CASE STUDY

PFAS Volatility Study in Medical Waste Treated by Pyrolysis

Opportunity

Montrose Environmental was hired by Monarch Waste Technologies (MWT) located in Santa Fe, New Mexico to provide consulting expertise for a per- and polyfluoroalkyl substance (PFAS) volatility study of typical medical waste treated by the MWT pyrolysis facility during its project initiation phase.

Montrose provided consulting services by selecting the PFAS compounds (a range of volatile and semi-volatile compounds) to spike and test, and the range of temperatures. Objectives of the study were to measure the temperatures that various PFAS compounds volatilized from the waste and determine if pyrolysis was a viable treatment technology.

Real-time measurements were performed by government laboratory personnel downstream of a large glass tube furnace containing the waste while the furnace temperature was incrementally increased and any compounds that volatilized were swept downstream at a MWT-representative flow rate using inert argon gas to pass through several high-resolution gas analyzers including gas chromatographs and mass spectrometers. MWT requested that Montrose consult on the study due to our knowledge of PFAS and the MWT pyrolysis process where Montrose was currently performing comprehensive testing (non-PFAS) and Title V permitting.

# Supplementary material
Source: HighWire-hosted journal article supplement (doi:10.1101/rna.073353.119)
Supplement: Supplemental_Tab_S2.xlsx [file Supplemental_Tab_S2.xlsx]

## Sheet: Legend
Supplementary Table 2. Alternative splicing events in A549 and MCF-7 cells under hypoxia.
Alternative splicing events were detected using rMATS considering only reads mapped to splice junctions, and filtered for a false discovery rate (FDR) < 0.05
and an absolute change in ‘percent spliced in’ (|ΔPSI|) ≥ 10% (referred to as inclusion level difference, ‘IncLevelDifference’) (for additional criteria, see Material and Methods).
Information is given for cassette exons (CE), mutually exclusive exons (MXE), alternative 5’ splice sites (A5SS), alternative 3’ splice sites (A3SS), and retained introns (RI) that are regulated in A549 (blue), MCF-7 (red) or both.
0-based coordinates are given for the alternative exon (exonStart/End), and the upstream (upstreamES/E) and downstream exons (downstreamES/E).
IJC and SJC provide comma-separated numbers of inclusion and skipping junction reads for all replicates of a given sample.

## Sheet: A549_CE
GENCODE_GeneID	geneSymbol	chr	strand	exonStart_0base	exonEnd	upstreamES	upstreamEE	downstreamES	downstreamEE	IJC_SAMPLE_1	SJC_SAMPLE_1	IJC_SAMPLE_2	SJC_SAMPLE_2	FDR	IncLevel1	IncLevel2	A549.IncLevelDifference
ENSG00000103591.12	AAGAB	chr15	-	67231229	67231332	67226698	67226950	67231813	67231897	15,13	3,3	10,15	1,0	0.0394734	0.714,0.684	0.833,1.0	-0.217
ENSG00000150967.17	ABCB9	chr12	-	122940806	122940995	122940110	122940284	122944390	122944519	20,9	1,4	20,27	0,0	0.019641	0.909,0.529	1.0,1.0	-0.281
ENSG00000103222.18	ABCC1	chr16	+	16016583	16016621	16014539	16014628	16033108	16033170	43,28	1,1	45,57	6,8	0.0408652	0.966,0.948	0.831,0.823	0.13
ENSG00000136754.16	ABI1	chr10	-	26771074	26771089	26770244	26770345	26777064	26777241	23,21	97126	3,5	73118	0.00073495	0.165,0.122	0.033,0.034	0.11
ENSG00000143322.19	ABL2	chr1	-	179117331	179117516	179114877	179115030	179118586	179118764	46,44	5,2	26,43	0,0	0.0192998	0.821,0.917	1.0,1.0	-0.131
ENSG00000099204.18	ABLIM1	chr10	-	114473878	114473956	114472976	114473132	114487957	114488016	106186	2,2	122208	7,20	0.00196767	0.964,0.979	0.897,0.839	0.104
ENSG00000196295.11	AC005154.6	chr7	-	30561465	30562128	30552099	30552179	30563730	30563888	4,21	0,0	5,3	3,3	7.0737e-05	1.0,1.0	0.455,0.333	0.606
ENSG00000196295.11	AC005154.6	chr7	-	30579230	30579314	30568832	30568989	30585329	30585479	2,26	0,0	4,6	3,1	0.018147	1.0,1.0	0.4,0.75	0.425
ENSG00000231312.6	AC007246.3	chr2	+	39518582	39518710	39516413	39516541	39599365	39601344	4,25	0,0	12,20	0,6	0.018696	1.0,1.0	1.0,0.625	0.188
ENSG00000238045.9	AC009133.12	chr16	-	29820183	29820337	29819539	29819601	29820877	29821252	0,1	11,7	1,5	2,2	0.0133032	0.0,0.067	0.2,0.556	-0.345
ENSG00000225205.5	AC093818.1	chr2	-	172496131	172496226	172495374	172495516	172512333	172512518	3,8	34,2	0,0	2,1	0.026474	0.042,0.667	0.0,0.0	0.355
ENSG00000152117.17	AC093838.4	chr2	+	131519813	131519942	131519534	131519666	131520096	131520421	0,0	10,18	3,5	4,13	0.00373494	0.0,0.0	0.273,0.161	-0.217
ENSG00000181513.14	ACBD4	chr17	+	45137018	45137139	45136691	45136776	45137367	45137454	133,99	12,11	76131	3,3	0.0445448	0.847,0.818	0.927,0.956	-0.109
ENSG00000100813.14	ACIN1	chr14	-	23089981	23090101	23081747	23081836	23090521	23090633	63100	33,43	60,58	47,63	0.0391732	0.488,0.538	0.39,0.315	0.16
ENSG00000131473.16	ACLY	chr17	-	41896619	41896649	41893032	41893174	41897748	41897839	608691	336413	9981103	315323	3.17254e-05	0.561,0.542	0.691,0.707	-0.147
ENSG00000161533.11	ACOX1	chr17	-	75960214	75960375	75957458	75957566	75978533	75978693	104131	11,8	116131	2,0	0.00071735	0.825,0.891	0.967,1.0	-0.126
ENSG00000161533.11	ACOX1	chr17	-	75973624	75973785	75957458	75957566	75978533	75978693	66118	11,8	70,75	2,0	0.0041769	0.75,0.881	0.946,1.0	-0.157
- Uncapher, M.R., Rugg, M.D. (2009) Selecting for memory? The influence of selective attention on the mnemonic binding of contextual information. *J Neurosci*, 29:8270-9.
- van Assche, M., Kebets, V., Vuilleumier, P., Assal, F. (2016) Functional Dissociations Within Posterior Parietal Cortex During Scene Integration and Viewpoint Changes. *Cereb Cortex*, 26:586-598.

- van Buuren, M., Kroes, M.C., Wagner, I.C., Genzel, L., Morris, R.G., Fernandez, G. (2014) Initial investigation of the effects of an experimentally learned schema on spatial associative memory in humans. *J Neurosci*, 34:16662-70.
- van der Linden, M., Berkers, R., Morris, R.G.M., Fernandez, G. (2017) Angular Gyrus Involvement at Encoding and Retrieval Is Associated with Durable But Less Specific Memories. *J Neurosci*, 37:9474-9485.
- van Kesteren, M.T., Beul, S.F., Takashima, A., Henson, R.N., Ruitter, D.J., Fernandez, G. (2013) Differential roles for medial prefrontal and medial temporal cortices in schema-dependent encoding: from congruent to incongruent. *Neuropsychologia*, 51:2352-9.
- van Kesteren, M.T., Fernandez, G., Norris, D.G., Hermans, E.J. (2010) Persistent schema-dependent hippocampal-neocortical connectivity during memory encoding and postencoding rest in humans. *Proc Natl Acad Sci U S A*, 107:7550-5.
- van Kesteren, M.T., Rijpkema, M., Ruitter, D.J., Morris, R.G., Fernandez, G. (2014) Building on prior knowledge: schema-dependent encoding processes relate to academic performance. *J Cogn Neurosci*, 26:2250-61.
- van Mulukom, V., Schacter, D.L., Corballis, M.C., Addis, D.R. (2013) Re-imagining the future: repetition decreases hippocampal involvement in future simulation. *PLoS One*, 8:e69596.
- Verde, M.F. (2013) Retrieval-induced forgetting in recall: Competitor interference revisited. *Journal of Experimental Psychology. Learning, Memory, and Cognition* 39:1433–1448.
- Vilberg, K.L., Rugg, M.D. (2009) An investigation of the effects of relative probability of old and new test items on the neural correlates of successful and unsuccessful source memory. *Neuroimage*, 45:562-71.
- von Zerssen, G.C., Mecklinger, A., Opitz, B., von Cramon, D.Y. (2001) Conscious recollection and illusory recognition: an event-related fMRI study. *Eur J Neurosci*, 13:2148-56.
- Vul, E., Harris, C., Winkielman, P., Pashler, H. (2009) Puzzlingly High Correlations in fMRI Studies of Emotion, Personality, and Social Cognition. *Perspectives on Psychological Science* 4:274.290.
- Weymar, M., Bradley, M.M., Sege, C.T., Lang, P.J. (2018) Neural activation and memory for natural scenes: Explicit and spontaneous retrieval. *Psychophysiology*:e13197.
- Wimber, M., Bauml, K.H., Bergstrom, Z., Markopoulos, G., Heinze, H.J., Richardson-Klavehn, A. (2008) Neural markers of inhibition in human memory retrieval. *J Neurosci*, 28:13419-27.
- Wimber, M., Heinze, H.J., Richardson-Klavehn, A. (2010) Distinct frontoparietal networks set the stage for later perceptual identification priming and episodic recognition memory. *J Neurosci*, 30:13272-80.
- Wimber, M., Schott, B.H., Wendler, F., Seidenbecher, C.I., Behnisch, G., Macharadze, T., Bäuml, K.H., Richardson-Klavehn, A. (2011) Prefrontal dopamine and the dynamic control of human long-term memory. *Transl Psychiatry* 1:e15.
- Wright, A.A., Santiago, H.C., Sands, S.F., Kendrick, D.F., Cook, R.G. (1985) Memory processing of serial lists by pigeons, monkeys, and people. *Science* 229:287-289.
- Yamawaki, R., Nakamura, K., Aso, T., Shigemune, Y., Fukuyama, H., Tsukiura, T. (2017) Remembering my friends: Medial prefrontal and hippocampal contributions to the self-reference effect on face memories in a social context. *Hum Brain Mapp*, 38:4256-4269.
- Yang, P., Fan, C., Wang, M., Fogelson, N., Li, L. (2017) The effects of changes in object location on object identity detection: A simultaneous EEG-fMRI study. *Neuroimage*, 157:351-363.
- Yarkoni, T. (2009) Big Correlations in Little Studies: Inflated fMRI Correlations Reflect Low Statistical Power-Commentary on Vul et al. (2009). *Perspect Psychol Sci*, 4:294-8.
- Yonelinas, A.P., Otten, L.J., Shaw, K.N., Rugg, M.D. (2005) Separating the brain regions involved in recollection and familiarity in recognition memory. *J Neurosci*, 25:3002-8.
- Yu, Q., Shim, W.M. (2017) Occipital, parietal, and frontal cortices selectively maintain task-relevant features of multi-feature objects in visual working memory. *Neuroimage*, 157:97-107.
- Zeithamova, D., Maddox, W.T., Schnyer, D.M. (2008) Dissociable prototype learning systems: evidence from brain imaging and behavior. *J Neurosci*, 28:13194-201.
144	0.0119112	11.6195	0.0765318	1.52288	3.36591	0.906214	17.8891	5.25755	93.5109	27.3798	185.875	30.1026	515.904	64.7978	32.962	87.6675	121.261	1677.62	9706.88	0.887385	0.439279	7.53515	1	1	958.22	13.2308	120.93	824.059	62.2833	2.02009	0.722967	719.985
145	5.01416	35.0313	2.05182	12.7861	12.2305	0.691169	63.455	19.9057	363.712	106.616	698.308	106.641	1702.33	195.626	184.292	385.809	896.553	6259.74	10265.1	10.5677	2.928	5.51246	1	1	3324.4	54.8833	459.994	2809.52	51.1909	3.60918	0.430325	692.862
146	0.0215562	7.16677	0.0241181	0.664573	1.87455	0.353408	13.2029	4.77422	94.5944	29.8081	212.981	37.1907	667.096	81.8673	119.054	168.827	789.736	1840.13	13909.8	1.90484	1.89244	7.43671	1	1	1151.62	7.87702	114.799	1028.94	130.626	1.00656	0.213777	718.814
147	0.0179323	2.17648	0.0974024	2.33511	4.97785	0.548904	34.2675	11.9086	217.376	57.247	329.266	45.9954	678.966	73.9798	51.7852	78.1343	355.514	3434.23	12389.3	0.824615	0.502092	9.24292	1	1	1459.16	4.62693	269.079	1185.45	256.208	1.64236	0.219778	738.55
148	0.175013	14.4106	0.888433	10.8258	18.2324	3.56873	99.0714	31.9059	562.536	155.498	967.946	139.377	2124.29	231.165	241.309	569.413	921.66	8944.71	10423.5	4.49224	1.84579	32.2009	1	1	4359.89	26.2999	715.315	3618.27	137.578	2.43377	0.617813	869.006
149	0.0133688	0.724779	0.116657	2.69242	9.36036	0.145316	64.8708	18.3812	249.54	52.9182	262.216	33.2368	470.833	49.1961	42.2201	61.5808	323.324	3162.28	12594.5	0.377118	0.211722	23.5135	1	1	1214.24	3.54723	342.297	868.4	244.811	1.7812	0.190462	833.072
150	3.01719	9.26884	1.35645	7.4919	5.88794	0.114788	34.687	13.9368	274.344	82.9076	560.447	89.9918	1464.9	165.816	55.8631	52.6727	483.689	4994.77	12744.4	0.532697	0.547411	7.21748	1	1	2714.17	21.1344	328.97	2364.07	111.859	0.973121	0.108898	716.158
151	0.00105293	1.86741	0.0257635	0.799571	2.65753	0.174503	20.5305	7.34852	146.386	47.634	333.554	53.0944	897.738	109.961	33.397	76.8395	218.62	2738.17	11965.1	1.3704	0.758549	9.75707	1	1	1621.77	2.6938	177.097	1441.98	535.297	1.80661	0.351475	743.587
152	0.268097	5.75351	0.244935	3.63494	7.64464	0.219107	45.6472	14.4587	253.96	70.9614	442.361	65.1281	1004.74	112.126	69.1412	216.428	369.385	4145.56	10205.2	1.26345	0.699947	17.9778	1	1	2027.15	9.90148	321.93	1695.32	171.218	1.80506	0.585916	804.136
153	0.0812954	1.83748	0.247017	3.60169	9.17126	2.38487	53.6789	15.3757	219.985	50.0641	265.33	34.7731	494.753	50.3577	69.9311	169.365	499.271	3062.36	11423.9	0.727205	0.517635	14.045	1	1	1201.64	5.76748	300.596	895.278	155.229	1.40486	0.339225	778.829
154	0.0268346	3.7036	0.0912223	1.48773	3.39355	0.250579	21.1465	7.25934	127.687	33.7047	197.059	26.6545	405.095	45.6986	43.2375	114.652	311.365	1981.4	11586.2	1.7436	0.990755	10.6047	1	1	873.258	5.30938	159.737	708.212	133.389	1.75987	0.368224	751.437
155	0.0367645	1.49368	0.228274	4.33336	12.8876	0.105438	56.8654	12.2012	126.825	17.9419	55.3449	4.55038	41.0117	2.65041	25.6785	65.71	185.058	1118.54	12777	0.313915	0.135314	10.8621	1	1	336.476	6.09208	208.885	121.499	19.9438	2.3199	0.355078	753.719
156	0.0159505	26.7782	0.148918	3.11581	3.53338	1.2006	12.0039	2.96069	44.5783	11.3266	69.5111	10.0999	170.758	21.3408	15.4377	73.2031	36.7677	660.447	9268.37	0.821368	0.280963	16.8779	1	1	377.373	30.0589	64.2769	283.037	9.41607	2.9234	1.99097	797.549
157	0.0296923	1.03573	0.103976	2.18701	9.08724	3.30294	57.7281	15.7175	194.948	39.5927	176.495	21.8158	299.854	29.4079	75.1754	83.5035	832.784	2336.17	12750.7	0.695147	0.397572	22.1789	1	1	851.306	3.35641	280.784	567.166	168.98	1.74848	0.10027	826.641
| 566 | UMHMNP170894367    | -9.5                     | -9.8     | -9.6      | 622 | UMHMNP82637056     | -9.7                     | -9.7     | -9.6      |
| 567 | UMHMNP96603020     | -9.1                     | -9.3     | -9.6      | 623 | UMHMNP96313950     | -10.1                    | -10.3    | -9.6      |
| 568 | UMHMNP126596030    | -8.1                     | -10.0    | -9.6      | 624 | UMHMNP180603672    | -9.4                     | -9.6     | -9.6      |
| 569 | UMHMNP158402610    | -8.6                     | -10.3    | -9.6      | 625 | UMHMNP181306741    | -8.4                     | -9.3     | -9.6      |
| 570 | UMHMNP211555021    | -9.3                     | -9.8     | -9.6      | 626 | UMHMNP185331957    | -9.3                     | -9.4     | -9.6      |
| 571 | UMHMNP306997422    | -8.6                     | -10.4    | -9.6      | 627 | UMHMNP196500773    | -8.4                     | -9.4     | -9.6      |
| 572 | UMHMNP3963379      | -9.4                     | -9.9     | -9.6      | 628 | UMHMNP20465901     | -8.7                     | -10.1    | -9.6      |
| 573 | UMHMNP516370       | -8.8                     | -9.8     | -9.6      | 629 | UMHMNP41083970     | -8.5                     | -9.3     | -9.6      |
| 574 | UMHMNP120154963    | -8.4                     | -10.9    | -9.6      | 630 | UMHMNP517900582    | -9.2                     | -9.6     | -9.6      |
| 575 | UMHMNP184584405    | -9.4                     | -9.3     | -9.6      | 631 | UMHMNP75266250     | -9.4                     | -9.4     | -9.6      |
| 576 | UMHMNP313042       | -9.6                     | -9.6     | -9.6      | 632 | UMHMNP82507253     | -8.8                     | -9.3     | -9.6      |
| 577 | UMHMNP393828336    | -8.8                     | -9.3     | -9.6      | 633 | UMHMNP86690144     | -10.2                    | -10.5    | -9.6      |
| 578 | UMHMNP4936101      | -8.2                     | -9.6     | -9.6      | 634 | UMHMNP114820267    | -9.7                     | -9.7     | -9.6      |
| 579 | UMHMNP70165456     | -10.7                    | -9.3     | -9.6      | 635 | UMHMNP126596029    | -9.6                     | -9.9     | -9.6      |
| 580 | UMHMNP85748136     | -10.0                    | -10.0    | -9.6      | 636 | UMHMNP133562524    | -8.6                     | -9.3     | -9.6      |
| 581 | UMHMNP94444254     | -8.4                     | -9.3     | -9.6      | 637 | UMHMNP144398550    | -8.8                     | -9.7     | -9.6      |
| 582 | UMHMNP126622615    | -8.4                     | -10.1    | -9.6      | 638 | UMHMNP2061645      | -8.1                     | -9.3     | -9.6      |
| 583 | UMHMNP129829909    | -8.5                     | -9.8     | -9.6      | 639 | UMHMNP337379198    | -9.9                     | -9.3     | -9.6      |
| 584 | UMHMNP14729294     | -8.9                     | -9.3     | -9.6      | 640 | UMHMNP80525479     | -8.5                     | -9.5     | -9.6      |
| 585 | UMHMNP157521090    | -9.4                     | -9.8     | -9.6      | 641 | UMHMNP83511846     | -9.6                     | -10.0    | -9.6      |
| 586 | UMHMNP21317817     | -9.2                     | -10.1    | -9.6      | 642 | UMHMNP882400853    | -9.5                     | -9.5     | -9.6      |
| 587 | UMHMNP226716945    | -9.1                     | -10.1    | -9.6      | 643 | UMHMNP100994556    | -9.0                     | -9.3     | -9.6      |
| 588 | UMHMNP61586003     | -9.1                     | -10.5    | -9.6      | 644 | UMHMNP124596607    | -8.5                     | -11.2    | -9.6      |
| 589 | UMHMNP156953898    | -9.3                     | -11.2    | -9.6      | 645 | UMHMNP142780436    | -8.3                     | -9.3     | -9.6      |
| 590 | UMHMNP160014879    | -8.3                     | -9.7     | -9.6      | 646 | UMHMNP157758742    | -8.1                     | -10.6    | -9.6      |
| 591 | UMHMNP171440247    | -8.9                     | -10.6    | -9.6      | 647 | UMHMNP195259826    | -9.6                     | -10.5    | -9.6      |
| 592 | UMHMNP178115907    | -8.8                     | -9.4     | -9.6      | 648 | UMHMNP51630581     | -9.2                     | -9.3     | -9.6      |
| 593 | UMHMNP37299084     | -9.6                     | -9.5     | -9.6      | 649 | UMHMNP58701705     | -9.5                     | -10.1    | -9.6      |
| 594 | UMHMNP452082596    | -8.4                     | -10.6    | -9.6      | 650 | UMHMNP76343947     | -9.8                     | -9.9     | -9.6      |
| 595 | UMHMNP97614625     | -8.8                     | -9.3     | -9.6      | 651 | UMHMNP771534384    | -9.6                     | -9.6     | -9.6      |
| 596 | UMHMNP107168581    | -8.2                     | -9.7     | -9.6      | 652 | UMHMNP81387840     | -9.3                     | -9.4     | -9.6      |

Challenge

Montrose personnel worked in partnership with MWT and government facilities in Albuquerque, New Mexico to develop the testing methodology and parameters. The MWT medical waste pyrolysis process is conducted during three principal stages:

  1. Pyrotube where decomposition of waste is initiated. Temperature 750-1000 °C, residence time of waste ~ 5-25 mins. Waste gas is exhausted.
  2. Gasifier where pyrolysis conditions are maintained with waste gas. Temperature 700-850 °C, residence time on order of several seconds.
  3. Once waste gas is dispatched from the gasifier, air is injected, and it passes through an oxidizer at 1100-1300 °C.  Residence time approx. 2 seconds. The heat from the oxidizer is sent to the pyrotube jacket to maintain the pyrotube temperature.

The leading challenge of the study was to determine the temperatures that various PFAS compounds would volatilize and if the MWT pyrolysis process temperatures and residence times were sufficient to treat and destroy PFAS without the use of additional emissions controls.

Solution

Testing was performed in accordance with project specifications and real-time measurements were collected by government personnel.

  • Volatile PFAS compounds (<4 carbon chains) were measured downstream at the 300-400 oC range
  • >99% of all PFAS compounds volatilized at 1000 oC
  • The material balance of the spiked PFAS compounds was acceptable at >70%

Conclusion

Due to the relatively low volatilization temperatures, the MWT pyrolysis process was not deemed a viable PFAS treatment technology without installing downstream emissions capture controls (i.e. condensers, carbon canisters).

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